We love the idea of a “distributed” film festival, meaning we see the films on our own and then report back to the website for discussion purposes. BldgBlog’s “Breaking Out and Breaking In” festival focuses on prison escape movies and it begins with “Grand Illusion”: “For me it is simple. A golf course is for golf. A tennis court is for tennis. A prison camp is for escaping.”
Sojourn’s Michael Rohd participated in one of the Theater Communication Group’s “call and response” projects. Here, Rohd talks about what “leaping” in the theater might really mean:
“In schools where theatre is taught, including the one I teach at, Northwestern, doing is the grail. Yes, pretend. Yes, imagine. But most importantly, do. Do with courage. Do with skill. Do with ferocious determination.
Take on a project that seems impossible?
Start a theatre company in a challenging economic climate?
Make theatre in the politically and ethically charged context of ‘communities’ you agree to see as collaborators rather than potential audience?
Commit to change the world when merely speaking the word change runs you the risk of being branded naïve, presumptuous, unrealistic, and worst of all…an activist masquerading as an artist?
Why do you do what you do?”
Reed College’s Stephen E. Ostrow lecture will be given by Richard Shiff on “Cezanne, Loss of Subject,” at 7 p.m. Feb. 7, in the Vollum Lecture Hall. It’s free. I was struck by Shiff’s thesis: “Perhaps volatile feeling has the final say, not structured reason. Life is manifold, messy, inherently anti-ideological. This is the truth that at least some of Cézanne’s early admirers believed his art confirmed. It made them tolerant of the singular opacity — or the utter banality — of images like the Card Players, where marks and their colours attracted more interest than the theme.” In other words, they were interested in Cezanne as an abstract painter!
Yesterday was the birthday of Philip Glass, and so this interview, conducted by the second cousin of the composer, radio genius Ira Glass, was circulating on the internet, widely. We picked it up from All-Classical.
Chamber Music Northwest’s David Shifrin plays a fine clarinet, remember? Fine enough to please the Chicago Tribune’s John von Rhein: “The sunny classicism of Beethoven’s early Trio in B flat (Opus 11) made a nice foil to the more inward-looking romanticism of Brahms’ Trio in A minor (Opus 114) and four selections from Bruch’s Eight Pieces for Clarinet, Cello and Piano (Opus 83). Balancing the clarinet’s woody, and potentially overpowering, timbre against the very different sonic vocabulary of the cello and piano is a challenge Shifrin, Finckel and Wu met with conspicuous success throughout the evening. You might even say the playing was as colorful as the rainbow-sherbet caftan worn by Wu.”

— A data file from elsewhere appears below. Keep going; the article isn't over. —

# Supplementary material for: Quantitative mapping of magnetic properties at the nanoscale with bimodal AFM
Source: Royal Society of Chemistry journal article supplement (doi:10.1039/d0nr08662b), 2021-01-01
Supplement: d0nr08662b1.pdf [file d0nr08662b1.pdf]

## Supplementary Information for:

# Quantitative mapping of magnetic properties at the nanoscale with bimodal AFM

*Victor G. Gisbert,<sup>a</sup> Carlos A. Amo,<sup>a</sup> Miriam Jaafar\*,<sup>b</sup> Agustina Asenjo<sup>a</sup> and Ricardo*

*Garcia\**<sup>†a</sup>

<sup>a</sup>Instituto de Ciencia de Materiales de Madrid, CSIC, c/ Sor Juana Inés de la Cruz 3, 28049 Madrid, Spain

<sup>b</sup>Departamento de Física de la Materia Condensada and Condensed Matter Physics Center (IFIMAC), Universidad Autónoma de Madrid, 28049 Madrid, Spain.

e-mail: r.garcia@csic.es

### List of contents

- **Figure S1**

The “rainbow-sherbet caftan” is a very nice touch!
We give critic Greg Sandow a lot of space here, just because he’s so provocative. This post about why classical music folk can’t agree on the state of the business, is a case in point: “How is it, then, that we can’t agree on how urgent the crisis might be, about what its true parameters are, about how badly the San Francisco Opera and the Philadelphia Orchestra might be in trouble, and about whether these troubles afflict the field as a whole, or just a few institutions with particular problems all their own?”
We broke this on our Facebook page: Portland developer Art DeMuro has given UO’s historic preservation program $2.8 million for expansion.
From the press release:
During the next two years, the program will be able to launch an annual symposium in Portland. New courses will be offered in both Eugene and Portland. Plus, additional staff and adjunct professors who are experts in historic preservation will be hired.
At the same time, the program will establish a new concentration in green preservation as part of the current Ecological Design Certificate, and re-energize the current concurrent master’s degree in architecture and historic preservation with a focus on cultural and environmental sustainability. The university will seek approval to relocate the core of the graduate program from Eugene to Portland’s White Stag Block, so that students and faculty alike might have more opportunities for fieldwork, research, and service learning within a diverse urban context.
Finally, the gift includes a bequest to fund the Venerable Chair in Historic Preservation. This chair will be the first endowed chair in historic preservation in a public university for a permanent faculty member, and the only endowed chair in historic preservation in the western U.S.
“This gift from Art DeMuro is truly transformational,” said Frances Bronet, dean of the School of Architecture and Allied Arts. “With his support, we will be able to accomplish many long held goals for the program.”
The reviews of the LA Philharmonic and Gustavo Dudamel’s Mahler Project remain rapturous. Here’s the LA Times’ classical music reviewer Mark Swed: “Mahler may have had Armageddon in sight in the Sixth, but he knew the world’s wonders, and the sheer vibrancy of the L.A. Phil’s instrumental dabs of color made this performance practically — and usually for the Sixth — a celebration of life. Gorgeous lyricism sprang, seemingly out of nowhere. Cow bells rang invitingly from onstage and off, as if the lush mountainside beckoned. The slow movement is even more beautiful than the Fifth’s Adagietto. The maws open in the Finale, but with such colors as music had never known, and these obviously interested Dudamel as much as the hurtling rhythmic energy.”